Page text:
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Re: Software Patents

On Fri, Jun 02, 2006 at 10:24:45PM +0200, Cesare Leonardi wrote:
> One of the terrible effect of software patents is that nobody knows if 
> his program infringe some of them in some country. And, as you said, i 
> think it's impossible to be completely patent-free as things stand now.

However, don't forget that we know that no programs infringe any
patents in some countries.  Thus, it is possible to be completely
patent-free there.

The bad countries are: USA (the "land of the free"), Japan and
perhaps some parts of Europe.  In Europe, after years of fighting,
the current situation is that no common laws on software patents can
be binding on member states -- as far as I know, this leaves only UK
and Germany among the bad guys.
Unfortunately, there is a controversy whether TRIP agreements apply
to software patents as well or not.  If they do, we have to avoid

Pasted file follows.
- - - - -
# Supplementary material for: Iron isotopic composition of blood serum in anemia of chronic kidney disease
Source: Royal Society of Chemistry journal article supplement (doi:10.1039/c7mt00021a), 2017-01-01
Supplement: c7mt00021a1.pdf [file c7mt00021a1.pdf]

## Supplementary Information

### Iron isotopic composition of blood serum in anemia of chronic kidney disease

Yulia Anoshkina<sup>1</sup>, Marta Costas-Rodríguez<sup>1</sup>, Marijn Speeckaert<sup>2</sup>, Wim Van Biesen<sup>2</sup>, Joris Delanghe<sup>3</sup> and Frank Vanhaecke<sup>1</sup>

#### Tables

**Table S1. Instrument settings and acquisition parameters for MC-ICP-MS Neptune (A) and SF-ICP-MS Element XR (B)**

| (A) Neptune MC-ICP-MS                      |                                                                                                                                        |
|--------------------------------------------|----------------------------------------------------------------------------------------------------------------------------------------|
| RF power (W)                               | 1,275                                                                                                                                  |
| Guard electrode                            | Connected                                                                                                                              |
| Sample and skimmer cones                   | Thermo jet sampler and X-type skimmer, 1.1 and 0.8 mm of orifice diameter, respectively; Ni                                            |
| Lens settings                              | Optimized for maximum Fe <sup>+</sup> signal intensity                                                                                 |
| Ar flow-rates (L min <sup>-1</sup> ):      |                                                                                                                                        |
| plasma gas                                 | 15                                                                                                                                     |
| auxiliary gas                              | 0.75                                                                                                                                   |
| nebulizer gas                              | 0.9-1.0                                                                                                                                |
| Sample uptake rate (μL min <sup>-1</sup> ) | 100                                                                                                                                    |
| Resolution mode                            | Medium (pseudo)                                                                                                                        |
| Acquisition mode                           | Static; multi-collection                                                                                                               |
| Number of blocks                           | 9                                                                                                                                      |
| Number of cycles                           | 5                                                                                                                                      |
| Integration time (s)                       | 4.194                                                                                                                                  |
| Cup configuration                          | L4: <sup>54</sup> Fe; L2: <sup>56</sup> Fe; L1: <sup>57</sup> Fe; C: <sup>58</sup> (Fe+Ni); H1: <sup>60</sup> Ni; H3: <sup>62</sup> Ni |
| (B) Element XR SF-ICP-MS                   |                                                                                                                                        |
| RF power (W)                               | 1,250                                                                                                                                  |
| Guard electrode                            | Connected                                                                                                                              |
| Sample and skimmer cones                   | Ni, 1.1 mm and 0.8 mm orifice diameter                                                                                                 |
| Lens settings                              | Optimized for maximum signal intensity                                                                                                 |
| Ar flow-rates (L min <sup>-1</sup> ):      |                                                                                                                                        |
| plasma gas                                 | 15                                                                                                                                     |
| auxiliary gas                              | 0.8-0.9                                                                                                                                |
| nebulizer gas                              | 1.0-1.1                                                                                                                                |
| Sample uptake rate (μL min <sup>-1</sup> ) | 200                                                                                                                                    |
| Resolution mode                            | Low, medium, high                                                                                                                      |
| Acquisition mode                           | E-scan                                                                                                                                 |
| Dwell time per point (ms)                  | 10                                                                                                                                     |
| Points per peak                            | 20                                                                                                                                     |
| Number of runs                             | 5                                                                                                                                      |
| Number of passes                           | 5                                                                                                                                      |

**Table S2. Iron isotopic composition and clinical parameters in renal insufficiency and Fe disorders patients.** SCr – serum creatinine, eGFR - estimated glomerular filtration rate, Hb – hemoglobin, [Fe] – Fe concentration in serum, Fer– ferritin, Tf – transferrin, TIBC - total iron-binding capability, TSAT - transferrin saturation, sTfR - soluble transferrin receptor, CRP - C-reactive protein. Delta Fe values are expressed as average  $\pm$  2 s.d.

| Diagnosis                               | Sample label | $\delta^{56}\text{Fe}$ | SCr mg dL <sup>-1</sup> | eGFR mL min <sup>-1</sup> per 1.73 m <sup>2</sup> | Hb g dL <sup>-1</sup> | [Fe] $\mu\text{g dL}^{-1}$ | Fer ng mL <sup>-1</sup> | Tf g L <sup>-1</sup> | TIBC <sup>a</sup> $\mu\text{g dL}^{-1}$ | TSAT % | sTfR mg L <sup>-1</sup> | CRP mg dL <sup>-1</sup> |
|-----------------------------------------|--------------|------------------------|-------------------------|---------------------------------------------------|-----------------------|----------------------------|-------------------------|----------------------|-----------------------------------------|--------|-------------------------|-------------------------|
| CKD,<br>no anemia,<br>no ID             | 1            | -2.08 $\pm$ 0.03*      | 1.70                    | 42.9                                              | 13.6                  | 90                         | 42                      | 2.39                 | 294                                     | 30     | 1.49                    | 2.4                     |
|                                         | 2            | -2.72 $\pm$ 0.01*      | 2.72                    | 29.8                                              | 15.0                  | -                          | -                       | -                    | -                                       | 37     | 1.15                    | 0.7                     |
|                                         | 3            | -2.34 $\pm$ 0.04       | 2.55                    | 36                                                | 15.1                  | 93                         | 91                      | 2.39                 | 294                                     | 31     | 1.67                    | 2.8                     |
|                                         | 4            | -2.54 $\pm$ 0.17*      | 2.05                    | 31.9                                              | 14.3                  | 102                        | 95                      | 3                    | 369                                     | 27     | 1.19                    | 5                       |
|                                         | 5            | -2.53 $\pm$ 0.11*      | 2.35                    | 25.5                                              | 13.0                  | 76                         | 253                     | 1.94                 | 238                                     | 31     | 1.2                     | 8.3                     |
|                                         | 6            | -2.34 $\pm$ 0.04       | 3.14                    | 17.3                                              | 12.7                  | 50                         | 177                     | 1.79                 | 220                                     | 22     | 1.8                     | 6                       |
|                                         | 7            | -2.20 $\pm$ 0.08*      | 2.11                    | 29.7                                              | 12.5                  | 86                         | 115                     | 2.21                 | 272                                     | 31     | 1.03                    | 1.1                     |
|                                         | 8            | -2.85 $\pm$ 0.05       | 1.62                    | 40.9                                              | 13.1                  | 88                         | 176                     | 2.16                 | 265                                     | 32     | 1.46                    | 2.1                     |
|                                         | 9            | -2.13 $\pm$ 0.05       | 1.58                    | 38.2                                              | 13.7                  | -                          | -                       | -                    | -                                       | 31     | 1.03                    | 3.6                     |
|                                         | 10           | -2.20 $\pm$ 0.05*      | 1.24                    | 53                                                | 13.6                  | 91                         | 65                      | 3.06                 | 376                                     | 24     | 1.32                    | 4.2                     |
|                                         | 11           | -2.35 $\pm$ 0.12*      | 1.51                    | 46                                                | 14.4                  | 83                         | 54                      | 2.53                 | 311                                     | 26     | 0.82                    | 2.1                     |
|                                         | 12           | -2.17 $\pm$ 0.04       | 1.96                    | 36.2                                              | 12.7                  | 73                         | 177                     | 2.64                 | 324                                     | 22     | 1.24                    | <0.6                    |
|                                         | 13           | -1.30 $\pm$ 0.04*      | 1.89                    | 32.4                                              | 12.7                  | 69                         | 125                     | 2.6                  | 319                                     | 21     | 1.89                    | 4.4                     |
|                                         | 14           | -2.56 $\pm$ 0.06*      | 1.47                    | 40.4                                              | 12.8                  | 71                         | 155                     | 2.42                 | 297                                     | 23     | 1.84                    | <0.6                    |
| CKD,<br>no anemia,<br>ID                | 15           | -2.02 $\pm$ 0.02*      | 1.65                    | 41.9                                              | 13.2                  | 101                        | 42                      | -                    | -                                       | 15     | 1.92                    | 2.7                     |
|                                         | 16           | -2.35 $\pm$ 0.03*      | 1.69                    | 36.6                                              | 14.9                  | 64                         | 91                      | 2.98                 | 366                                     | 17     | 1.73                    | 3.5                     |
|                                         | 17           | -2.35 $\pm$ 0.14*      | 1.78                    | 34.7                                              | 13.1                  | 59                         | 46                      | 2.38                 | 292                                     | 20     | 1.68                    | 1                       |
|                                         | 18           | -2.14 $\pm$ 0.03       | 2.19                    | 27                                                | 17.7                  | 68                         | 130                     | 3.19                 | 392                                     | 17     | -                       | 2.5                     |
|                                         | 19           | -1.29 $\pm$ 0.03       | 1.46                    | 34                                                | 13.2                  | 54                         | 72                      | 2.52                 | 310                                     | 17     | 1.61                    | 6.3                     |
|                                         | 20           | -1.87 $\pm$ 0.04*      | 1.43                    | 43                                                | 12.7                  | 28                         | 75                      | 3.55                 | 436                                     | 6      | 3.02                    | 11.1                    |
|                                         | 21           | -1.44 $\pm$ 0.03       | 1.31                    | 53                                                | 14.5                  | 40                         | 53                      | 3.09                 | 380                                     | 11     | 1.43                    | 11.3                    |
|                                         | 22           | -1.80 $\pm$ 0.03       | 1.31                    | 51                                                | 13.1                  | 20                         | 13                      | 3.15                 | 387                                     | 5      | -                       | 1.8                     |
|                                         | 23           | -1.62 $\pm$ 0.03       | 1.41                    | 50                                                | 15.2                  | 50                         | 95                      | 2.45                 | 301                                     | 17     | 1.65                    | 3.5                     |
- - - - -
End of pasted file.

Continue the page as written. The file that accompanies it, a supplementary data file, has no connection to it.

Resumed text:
more than just the four rogue countries.

The good news is, there are countries which are not bound by any

In other words: let's revive non-US, rename it accordingly
(non-patent-troll, non-non-free?), and have it served only from
machines placed in the free countries.

> Since patents cover concepts not the implementation, if mp3 bases
> itself on several patents, then all codecs are covered by that
> patents. And so ffmpeg, mplayer, xine and vlc are not different in
> that sense.

So, we can have everything that is ok copyright-wise in Debian and
not suffer from patent issues.  We can have LAME, non-castrated
mplayer, and so on.  There is no reason to keep fine DFSG-free
software out of Debian just because it's illegal in some countries. 
Likewise, Debian does distribute encryption software even though it
is illegal in some places.

Also, there is no real reason why a home user shouldn't include the
non-US repositories in her apt/sources just because she happens to
live in the US.  Sure, companies would have troubles doing this, but
the label says it pretty clear: don't touch it if you live in a
non-free country or know the possible consequences.

So: down with the patents, long live non-US!

1KB		// Microsoft corollary to Hanlon's razor:
		//	Never attribute to stupidity what can be
		//	adequately explained by malice.

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